High courts don’t grant physical remand, however serious a matter can be
Zubair Qureshi Islamabad
The Islamabad High Court (IHC) on Tuesday referred a plea seeking PTI leader Shahbaz Gill’s physical remand in a sedition case to a sessions court for hearing, declaring the petition to be admissible.
A district and sessions court had rejected a police request to extend Gill’s two-day physical remand and an additional district and sessions judge (ADSJ) had dismissed a plea seeking a review of the district court’s order.
Later, a plea challenging these orders was filed by Islamabad Advocate General Jahangir Khan Jadoon in the high court on Saturday last week.
The state counsel on behalf of the government maintained in the plea that the physical remand of Gill — who is currently in judicial custody on charges of sedition and inciting mutiny in the armed forces following his controversial remarks during an ARY News bulletin — was important for the completion of the case’s investigation.
The acting IHC Chief Justice Aamer Farooq took up Jadoon’s plea Tuesday, and made its hearing conditional on parties establishing that the review plea rejected by the ADSJ was maintainable in a sessions court.
“If the plea is maintainable in a sessions court, I will then hear arguments on the case’s merits,” he said, adding that if the petition was not maintainable, there was no need for any further proceedings on the matter.
Justice Farooq then reserved the verdict on the plea and later issued directives for the sessions court to hear it and decide the matter on the basis of merit.
He also directed the sessions judge to hear the petition the same day. At the outset of the hearing, Justice Farooq stopped Gill’s lawyers from speaking about political matters after they made some political references.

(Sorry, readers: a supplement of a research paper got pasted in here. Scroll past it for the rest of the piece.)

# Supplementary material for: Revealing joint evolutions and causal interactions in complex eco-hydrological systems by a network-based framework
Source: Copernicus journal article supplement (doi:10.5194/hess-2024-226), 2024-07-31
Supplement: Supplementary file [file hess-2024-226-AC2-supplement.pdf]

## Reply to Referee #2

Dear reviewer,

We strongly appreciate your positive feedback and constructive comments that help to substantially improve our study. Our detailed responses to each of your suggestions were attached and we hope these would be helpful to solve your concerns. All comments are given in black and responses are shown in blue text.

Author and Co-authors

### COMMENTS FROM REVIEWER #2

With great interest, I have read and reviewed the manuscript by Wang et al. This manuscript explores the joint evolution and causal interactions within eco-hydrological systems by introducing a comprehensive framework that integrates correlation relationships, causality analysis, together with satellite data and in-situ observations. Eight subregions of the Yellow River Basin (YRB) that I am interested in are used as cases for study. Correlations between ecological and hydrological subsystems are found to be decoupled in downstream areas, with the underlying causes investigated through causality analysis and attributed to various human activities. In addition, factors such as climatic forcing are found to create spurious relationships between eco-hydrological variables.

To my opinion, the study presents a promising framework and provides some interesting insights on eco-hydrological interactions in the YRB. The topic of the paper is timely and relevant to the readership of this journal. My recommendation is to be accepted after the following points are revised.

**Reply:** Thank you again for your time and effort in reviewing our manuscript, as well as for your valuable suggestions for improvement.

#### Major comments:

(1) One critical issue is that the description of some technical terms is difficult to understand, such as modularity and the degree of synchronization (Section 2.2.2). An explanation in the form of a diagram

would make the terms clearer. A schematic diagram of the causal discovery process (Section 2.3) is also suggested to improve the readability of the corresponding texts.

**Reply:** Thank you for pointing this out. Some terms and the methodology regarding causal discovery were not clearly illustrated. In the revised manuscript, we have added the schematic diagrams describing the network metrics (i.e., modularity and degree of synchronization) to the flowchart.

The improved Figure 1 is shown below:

“Make legal, not political arguments in this case,” he told the lawyers. While the judge acknowledged that the case concerned a politician, he said the identity of the suspect was “meaningless” to the court. The court is only concerned with legal matters, he said.
Justice Farooq then sought arguments on the maintainability of the review petition that was earlier rejected by the ADSJ.
The matter ends when the suspect is remanded in judicial custody,” the court observed, adding that sending a suspect on physical remand in police custody was a “serious matter”.
The judge said the session’s court was to determine whether the judicial magistrate’s order to reject the police request for an extension in Gill’s physical remand was right.
“I am not going into the case’s merit at the moment. I will first hear arguments on the [review] petition’s maintainability,” he said.
When Gill’s lawyer pointed out that the authorities had filed a petition for Gill’s physical remand in the IHC as well, Justice Farooq observed that high courts did not grant remands.
“It is not the high court’s jurisdiction to see for how long a suspect has to be remanded. No matter how serious the offence is, it is the judicial magistrate who decides about remands,” he remarked.
Justice Farooq also heard a plea seeking the quashing of the first information report (FIR) against Gill in connection with his remarks during the ARY News bulletin.